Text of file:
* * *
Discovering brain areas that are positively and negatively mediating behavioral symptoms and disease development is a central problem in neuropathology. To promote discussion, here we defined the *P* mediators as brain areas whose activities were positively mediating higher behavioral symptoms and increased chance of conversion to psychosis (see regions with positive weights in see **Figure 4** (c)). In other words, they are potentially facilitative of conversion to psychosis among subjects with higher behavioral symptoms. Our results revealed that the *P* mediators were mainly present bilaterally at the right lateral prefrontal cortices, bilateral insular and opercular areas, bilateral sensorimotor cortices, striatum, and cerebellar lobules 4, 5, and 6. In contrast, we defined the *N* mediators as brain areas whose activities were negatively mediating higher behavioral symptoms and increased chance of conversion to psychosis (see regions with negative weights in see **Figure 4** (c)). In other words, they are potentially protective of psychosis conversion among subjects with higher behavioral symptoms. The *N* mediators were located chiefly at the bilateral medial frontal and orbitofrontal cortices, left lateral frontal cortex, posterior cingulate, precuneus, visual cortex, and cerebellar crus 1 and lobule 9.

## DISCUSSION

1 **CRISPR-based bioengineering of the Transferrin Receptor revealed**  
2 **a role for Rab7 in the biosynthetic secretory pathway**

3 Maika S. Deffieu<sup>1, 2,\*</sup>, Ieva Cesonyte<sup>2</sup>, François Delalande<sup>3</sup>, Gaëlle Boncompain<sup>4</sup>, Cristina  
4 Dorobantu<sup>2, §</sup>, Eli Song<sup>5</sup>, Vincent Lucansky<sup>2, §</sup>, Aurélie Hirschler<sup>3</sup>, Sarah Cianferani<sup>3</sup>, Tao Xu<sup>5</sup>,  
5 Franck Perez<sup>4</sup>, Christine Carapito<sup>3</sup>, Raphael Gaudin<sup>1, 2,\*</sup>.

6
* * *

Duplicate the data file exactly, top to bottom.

Discovering brain areas that are positively and negatively mediating behavioral symptoms and disease development is a central problem in neuropathology. To promote discussion, here we defined the *P* mediators as brain areas whose activities were positively mediating higher behavioral symptoms and increased chance of conversion to psychosis (see regions with positive weights in see **Figure 4** (c)). In other words, they are potentially facilitative of conversion to psychosis among subjects with higher behavioral symptoms. Our results revealed that the *P* mediators were mainly present bilaterally at the right lateral prefrontal cortices, bilateral insular and opercular areas, bilateral sensorimotor cortices, striatum, and cerebellar lobules 4, 5, and 6. In contrast, we defined the *N* mediators as brain areas whose activities were negatively mediating higher behavioral symptoms and increased chance of conversion to psychosis (see regions with negative weights in see **Figure 4** (c)). In other words, they are potentially protective of psychosis conversion among subjects with higher behavioral symptoms. The *N* mediators were located chiefly at the bilateral medial frontal and orbitofrontal cortices, left lateral frontal cortex, posterior cingulate, precuneus, visual cortex, and cerebellar crus 1 and lobule 9.

## DISCUSSION

1 **CRISPR-based bioengineering of the Transferrin Receptor revealed**  
2 **a role for Rab7 in the biosynthetic secretory pathway**

3 Maika S. Deffieu<sup>1, 2,\*</sup>, Ieva Cesonyte<sup>2</sup>, François Delalande<sup>3</sup>, Gaëlle Boncompain<sup>4</sup>, Cristina  
4 Dorobantu<sup>2, §</sup>, Eli Song<sup>5</sup>, Vincent Lucansky<sup>2, §</sup>, Aurélie Hirschler<sup>3</sup>, Sarah Cianferani<sup>3</sup>, Tao Xu<sup>5</sup>,  
5 Franck Perez<sup>4</sup>, Christine Carapito<sup>3</sup>, Raphael Gaudin<sup>1, 2,\*</sup>.

6